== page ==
During operation, a cell equalizing circuit such as that shown in
Cell equalizing circuits such as those described above can be switched on and off to operate as desired by a particular application. For instance the cell equalizing circuit could be configured to operate only when a battery is being charged and/or when it is under load. Similarly, it could be configured to operate only when a load draws a current above a preset threshold. A more simple solution is to activate the cell equalizing circuit whenever a battery driven device incorporating the equalizing circuit is switched on. Whilst an equalizing circuit may operate continuously, if a battery is not being loaded or charged, the power drawn by the cell equalizing circuit, although modest, will generally represent an unnecessary drain on the batteries since, as seen in
Cell equalizing circuits of the type described above can also be employed as an integral part of a power supply for a wide range of electrical equipment. For example, cell equalizing circuits can be used to improve the battery performance of portable computers, portable video equipment, digital cameras, global positioning receivers, portable televisions, mobile phones, submarines, electric vehicles, wheel chairs etc.
It will be appreciated that whilst in the above embodiments the circuit modules are configured to equalize the voltages of each individual cell in a battery. In other examples a smaller number of circuit modules may be employed whereby each circuit module equalizes the summed voltage of a group of cells, rather than an individual cell. The group of cells may be connected in series (in which case cell voltage differences within the group of cells will not be equalized) or in parallel (in which case all cells will be equalized).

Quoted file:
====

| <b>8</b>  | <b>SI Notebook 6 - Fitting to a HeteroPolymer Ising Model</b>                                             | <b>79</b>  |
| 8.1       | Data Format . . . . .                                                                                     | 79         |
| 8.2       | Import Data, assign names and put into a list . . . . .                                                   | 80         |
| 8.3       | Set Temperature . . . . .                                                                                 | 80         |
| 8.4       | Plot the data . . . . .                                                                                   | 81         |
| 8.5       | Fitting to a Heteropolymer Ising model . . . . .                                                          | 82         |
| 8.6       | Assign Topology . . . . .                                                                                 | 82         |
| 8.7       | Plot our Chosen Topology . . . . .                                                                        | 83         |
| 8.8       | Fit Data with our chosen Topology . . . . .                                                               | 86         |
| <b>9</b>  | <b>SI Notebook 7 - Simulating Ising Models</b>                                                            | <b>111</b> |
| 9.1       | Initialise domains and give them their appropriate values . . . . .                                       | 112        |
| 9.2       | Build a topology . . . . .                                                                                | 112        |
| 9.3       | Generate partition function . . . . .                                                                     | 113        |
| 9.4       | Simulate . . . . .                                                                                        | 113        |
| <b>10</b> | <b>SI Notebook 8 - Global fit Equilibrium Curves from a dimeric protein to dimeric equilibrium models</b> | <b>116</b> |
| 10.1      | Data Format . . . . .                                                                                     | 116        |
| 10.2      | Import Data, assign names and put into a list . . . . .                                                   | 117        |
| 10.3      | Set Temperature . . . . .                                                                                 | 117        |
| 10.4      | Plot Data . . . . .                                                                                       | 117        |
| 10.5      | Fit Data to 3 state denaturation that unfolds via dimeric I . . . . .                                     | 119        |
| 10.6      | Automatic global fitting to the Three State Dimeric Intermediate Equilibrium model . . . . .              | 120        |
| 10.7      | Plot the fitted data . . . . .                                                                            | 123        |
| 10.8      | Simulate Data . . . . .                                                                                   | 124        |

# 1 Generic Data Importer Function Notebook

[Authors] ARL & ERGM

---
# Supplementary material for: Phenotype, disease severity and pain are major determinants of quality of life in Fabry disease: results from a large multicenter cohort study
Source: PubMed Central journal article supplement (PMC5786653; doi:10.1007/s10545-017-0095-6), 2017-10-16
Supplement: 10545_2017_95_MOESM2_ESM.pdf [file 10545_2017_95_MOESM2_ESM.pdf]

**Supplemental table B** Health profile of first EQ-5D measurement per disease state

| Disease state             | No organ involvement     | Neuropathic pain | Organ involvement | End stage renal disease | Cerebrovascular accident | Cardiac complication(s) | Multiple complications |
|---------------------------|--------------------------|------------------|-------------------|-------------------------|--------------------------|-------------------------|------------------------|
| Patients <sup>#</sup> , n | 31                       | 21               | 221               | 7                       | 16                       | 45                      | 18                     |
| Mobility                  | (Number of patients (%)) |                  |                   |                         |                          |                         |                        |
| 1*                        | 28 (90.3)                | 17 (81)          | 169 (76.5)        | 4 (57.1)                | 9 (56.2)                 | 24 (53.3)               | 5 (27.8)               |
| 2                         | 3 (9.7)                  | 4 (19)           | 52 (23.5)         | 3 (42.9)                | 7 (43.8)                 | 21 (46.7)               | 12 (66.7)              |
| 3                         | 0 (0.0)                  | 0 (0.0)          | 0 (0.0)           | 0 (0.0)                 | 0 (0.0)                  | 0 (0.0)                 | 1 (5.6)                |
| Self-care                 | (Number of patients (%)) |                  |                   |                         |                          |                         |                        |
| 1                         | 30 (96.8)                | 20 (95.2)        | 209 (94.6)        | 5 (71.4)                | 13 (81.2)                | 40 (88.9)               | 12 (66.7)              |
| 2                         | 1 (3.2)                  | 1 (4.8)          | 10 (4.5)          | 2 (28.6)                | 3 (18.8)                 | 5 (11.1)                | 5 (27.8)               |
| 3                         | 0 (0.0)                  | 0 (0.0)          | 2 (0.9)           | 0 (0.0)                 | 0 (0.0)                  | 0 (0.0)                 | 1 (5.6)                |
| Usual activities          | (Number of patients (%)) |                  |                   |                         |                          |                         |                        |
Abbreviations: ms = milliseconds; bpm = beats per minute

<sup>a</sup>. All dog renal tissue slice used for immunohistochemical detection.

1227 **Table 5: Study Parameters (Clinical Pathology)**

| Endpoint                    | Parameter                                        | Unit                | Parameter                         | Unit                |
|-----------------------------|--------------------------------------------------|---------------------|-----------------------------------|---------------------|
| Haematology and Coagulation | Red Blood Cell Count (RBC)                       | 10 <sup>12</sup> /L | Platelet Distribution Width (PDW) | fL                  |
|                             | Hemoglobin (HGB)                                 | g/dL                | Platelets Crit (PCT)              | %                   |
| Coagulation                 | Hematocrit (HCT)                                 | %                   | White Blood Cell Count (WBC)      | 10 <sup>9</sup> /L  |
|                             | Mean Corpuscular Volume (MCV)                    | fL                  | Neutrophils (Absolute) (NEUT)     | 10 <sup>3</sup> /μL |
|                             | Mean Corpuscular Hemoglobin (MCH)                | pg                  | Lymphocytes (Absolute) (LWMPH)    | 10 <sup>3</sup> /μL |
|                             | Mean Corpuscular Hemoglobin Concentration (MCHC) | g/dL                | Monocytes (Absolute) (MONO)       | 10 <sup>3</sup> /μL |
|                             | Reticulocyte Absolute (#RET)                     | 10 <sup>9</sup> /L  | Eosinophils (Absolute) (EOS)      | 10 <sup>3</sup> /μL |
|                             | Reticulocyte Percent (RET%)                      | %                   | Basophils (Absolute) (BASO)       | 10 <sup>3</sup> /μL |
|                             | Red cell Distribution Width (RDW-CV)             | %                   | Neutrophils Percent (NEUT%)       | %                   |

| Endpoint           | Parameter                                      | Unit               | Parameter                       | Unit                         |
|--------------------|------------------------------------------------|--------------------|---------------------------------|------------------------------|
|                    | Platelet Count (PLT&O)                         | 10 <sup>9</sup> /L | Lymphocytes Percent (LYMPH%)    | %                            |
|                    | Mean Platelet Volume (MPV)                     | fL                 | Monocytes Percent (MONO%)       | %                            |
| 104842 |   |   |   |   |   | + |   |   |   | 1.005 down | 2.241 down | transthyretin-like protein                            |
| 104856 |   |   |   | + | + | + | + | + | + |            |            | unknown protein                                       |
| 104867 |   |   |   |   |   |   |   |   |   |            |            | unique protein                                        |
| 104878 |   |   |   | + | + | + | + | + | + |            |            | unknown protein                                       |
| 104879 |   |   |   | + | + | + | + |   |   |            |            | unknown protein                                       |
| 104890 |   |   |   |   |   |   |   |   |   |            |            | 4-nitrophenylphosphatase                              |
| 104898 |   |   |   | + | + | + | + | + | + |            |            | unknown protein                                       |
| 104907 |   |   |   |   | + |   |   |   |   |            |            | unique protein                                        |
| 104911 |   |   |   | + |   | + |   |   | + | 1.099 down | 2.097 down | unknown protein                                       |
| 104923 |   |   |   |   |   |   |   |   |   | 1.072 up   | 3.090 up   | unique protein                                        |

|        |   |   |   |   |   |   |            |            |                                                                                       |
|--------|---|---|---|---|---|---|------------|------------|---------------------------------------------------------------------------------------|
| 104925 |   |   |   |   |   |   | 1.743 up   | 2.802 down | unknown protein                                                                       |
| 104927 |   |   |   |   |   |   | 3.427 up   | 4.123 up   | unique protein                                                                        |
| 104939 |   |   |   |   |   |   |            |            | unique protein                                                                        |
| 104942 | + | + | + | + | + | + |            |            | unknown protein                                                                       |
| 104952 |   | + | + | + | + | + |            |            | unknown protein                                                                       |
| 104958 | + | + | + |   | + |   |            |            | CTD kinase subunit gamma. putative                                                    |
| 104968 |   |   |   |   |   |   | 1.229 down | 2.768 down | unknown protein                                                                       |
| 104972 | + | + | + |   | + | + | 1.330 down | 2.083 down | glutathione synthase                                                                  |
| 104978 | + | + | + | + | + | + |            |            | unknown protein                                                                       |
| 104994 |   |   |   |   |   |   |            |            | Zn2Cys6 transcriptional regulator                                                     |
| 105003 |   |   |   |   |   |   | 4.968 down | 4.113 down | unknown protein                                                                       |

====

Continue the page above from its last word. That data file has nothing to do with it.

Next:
Whilst the above examples relate to rechargeable cells, differences in cell discharge characteristics can also limit the efficient use of non-rechargeable cells. For example, if the voltage of one of the cells in a battery decreases significantly during use, the total battery voltage may fall below the minimum required to drive a load even though there is still sufficient overall energy remaining in the cells to the work required by the load. With some kinds of non-rechargeable cells it may be inappropriate to operate a cell equalizing circuit when a battery of the cells is under no (or little) load. In these cases, large cell voltage differences may lead to an attempted net charging of an under-voltage cell. However, when a battery of non-rechargeable cell is under load, cell equalizing circuits of the type described above could be usefully employed to ensure that each cell voltage falls at the same rate.